This blog offers a meditation on the Common Lectionary daily readings along with a healine from world news:
ASHTON AND ROHANI SEEK PEACE FOR IRAN
1 Corinthians 1:1-19
J.B. Phillips New Testament (PHILLIPS)
1 1-3 Paul, commissioned by the will of God as a messenger of Jesus Christ, and Sosthenes, a Christian brother, to the church of God at Corinth—to those whom Christ has made holy, who are called to be God’s men and women, to all true believers in Jesus Christ, their Lord and ours—grace and peace be to you from God the Father and the Lord, Jesus Christ!
I am thankful for your faith
4-9 I am always thankful to God for what the gift of his grace in Jesus Christ has meant to you—how, as the Christian message has become established among you, he has enriched your whole lives, from the words on your lips to the understanding in your hearts. And you have been eager to receive his gifts during this time of waiting for his final appearance. He will keep you steadfast in the faith to the end, so that when his day comes you need fear no condemnation. God is utterly dependable, and it is he who has called you into fellowship with his Son Jesus Christ, our Lord.
But I am anxious over your “divisions”
10-12 Now I do beg you, my brothers, by all that Christ means to you, to speak with one voice, and not allow yourselves to be split up into parties. All together you should be achieving a unity in thought and judgment. For I know, from what some of Chloe’s people have told me that you are each making different claims—“I am one of Paul’s men,” says one; “I am one of Apollos’,” says another; or “I am one of Cephas’”; while someone else says, “I owe my faith to Christ alone.”
Do consider how serious these division are!
13 What are you saying? Is there more than one Christ? Was it Paul who died on the cross for you? Were you baptised in the name of Paul?
14-17 It makes me thankful that I didn’t actually baptise any of you (except Crispus and Gaius), or perhaps someone would be saying I did it in my own name. (Oh yes, I did baptise Stephanas’ family, but I can’t remember anyone else.) For Christ did not send me to see how many I could baptise, but to proclaim the Gospel. And I have not done this by the persuasiveness of clever words, for I have no desire to rob the cross of its power.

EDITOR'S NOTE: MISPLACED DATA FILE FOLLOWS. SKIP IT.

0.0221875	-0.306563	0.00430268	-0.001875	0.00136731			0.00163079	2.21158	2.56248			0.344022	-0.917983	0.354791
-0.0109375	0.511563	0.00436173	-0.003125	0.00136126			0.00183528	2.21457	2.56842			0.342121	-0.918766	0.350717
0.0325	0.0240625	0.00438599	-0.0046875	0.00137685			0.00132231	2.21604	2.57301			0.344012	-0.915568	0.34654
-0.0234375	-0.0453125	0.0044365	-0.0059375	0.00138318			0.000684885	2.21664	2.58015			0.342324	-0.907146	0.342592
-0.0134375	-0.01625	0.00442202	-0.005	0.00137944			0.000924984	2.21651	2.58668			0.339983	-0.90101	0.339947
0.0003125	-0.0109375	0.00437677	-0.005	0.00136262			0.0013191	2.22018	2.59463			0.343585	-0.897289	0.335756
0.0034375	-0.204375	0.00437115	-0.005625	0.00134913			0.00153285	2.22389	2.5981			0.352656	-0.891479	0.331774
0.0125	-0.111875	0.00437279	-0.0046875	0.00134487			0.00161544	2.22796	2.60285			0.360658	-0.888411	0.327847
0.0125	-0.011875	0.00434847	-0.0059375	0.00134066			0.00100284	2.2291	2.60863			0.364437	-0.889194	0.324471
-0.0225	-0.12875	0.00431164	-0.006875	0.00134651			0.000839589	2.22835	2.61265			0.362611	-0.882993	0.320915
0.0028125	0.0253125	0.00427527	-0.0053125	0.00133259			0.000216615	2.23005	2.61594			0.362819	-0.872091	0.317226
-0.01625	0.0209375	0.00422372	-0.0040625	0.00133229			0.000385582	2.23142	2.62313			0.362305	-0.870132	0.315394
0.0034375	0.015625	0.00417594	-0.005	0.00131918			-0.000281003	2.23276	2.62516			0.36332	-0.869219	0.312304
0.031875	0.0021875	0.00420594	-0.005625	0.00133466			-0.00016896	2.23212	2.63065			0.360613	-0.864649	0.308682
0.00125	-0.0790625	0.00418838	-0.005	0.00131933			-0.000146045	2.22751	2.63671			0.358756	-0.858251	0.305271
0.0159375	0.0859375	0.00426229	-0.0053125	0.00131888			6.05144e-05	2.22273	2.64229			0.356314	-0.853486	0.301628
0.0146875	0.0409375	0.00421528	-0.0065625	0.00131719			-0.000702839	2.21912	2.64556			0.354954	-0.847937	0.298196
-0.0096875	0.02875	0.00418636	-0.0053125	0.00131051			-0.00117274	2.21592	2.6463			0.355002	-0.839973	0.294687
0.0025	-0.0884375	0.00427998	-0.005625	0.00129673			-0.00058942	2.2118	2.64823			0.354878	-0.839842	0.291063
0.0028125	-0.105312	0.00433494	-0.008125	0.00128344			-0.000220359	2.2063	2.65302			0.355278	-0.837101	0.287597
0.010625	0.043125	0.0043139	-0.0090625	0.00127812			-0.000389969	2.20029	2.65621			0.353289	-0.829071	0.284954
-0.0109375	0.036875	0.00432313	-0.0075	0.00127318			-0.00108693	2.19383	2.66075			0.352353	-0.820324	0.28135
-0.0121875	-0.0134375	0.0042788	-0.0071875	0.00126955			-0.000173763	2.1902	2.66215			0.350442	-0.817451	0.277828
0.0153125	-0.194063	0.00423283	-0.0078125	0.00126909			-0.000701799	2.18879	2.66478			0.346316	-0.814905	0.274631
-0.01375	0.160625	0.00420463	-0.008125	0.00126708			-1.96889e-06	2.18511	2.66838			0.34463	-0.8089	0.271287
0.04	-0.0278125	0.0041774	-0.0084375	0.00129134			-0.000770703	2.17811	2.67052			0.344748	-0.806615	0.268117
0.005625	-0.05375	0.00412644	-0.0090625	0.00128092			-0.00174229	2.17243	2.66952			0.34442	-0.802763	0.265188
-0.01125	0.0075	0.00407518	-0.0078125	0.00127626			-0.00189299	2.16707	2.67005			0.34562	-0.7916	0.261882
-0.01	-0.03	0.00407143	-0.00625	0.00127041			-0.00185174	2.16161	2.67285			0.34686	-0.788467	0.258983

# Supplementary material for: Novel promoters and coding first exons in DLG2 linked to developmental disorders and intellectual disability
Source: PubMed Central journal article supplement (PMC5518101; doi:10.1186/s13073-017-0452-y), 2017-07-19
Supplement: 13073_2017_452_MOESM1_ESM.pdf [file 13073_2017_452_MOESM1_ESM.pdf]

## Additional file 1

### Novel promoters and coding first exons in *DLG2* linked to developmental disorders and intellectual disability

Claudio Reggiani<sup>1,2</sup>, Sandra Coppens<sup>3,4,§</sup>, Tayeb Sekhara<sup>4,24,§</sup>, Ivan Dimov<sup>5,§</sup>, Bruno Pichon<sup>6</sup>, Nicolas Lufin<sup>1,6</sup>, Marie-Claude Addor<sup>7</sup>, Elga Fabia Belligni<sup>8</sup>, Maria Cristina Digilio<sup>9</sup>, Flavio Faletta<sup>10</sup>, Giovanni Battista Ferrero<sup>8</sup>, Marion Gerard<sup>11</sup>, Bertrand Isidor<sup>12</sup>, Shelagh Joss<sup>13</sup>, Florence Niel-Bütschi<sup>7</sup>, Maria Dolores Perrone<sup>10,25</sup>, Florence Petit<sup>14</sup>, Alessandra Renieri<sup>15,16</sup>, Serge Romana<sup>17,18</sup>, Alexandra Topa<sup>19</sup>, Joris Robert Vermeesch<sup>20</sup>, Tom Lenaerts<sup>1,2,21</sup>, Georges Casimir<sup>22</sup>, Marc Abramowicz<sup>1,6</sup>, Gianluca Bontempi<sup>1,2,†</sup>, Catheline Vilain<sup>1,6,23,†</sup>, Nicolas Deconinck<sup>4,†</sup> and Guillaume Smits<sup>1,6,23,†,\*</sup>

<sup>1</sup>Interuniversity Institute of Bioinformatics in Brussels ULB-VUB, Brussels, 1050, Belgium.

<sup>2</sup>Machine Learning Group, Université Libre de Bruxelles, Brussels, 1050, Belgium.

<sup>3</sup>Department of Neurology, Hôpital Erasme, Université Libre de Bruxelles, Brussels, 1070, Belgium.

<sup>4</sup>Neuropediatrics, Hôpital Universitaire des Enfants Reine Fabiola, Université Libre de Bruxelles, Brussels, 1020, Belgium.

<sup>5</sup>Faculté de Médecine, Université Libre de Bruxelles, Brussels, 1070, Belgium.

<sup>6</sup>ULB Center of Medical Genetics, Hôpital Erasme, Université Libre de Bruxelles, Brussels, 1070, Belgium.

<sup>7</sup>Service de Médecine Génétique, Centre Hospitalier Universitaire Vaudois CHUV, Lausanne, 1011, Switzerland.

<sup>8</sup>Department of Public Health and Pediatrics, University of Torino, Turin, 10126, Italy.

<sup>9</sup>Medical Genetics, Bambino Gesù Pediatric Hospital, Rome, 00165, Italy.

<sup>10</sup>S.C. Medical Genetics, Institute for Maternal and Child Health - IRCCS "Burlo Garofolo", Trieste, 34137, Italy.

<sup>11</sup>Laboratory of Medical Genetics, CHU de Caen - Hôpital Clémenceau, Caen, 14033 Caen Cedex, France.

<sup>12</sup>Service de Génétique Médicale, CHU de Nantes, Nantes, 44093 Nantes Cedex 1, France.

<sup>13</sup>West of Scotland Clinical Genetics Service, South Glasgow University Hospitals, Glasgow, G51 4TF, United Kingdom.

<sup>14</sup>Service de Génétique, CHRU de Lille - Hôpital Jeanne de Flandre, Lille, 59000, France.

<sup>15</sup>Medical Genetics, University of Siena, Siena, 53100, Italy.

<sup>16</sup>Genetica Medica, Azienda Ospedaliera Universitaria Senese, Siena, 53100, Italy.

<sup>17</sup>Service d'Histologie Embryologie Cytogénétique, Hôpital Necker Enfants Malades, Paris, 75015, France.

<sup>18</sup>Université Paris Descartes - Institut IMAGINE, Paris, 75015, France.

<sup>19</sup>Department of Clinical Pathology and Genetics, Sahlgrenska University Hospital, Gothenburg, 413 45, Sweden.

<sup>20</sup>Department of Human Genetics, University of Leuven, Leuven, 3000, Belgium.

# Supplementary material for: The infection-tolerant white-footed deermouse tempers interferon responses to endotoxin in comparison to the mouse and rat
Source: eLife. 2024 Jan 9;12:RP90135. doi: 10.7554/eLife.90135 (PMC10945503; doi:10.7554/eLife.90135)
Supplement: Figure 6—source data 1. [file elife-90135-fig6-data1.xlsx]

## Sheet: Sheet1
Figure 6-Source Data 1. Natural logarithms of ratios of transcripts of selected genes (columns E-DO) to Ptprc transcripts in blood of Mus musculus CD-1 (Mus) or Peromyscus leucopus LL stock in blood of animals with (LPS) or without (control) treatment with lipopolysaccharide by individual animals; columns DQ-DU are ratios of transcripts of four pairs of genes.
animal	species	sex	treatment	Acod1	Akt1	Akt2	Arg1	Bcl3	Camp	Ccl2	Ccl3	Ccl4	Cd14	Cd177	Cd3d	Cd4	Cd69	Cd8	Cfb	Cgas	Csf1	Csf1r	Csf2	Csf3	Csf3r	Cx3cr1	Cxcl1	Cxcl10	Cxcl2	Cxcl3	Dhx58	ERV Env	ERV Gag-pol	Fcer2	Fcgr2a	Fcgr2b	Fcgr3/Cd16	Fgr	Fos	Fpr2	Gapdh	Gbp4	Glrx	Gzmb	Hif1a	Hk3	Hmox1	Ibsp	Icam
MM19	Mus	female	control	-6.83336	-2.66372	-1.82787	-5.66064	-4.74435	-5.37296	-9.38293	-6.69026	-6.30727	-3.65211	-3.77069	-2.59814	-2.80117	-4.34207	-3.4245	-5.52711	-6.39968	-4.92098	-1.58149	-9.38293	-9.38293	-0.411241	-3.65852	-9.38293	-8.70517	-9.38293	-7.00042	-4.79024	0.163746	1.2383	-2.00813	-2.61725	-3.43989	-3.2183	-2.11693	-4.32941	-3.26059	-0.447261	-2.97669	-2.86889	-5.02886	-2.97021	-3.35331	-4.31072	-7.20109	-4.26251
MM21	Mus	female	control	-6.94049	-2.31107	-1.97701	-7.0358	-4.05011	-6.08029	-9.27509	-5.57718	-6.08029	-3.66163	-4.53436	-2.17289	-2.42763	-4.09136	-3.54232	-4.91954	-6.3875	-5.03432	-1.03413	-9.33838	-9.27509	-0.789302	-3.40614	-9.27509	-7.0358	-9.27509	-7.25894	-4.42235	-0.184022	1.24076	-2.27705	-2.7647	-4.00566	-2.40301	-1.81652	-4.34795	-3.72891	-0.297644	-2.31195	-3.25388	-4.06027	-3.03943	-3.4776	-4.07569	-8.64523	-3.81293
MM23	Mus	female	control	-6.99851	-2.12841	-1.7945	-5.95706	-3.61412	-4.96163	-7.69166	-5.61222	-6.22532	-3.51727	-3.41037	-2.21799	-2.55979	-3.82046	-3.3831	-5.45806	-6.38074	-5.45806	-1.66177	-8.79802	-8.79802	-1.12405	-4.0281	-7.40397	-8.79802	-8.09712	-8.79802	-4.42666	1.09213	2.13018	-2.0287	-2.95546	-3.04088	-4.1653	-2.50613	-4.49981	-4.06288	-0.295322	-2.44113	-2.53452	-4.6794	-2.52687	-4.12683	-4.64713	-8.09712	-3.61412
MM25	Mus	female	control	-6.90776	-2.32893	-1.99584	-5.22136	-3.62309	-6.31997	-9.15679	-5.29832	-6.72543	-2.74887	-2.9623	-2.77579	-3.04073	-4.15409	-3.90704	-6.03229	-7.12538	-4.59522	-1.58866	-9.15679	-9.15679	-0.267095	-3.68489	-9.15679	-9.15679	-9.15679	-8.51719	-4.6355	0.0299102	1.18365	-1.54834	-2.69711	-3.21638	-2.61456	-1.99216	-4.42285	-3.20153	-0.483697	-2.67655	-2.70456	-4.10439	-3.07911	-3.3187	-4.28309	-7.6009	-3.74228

18 The preaching of the cross is, I know, nonsense to those who are involved in this dying world, but to us who are being saved from that death it is nothing less than the power of God.
The cross shows that God’s wisdom is not man’s wisdom by any means
19 It is written: ‘I will destroy the wisdom of the wise, and bring to nothing the understanding of the prudent’.
Paul’s greetings and thanksgivings as always emphasise his gospel, in this case, the progressive growth in holiness expected of believers who await the return of Jesus Messiah. He moves on quickly to denounce the existence of parties/ cliques in the church community. People are forming sub-groups based on their favourite missionary or the one who baptised them. Paul urges the centrality of Jesus Messiah, whose death on the cross must not be made irrelevant by fancy preaching or special group theologies. Jesus’ death, he reminds them, is the power of God which sounds daft to worldly people who look for power and smart spiritualities.
We are so familiar with the cross as a symbol that it’s hard for us, believers or non-believers, to recognise how offensive it must have seemed then. Paul does not gloss over the death of the Messiah on a Roman instrument of torture and disgrace. Perhaps it would have been less offensive if it had been preached as an insult to be avenged. But to announce it, as Paul did, as a supreme instance of God’s love, must have seemed perverse to many Corinthians.
That’s what Paul announced. Maybe he knew that this was the point in the Jesus’ story where his own sin and his own salvation were simultaneously addressed: his murderous cruelty towards Jesus’ followers which “filled out the sufferings of the Messiah” whose love offered him freedom from sin and death. For him the cross marked the beginning of the “world to come” in which the gospel announcement would extend the offer of God’s love to the ends of the earth.
The speed with which Paul moves from what could have been a barren argument about the merits of different apostles, to the heart of the Christian message, is exemplary. In any issue of church life, the outcome should not be determined by casuistry but by an appeal to the cross of Jesus.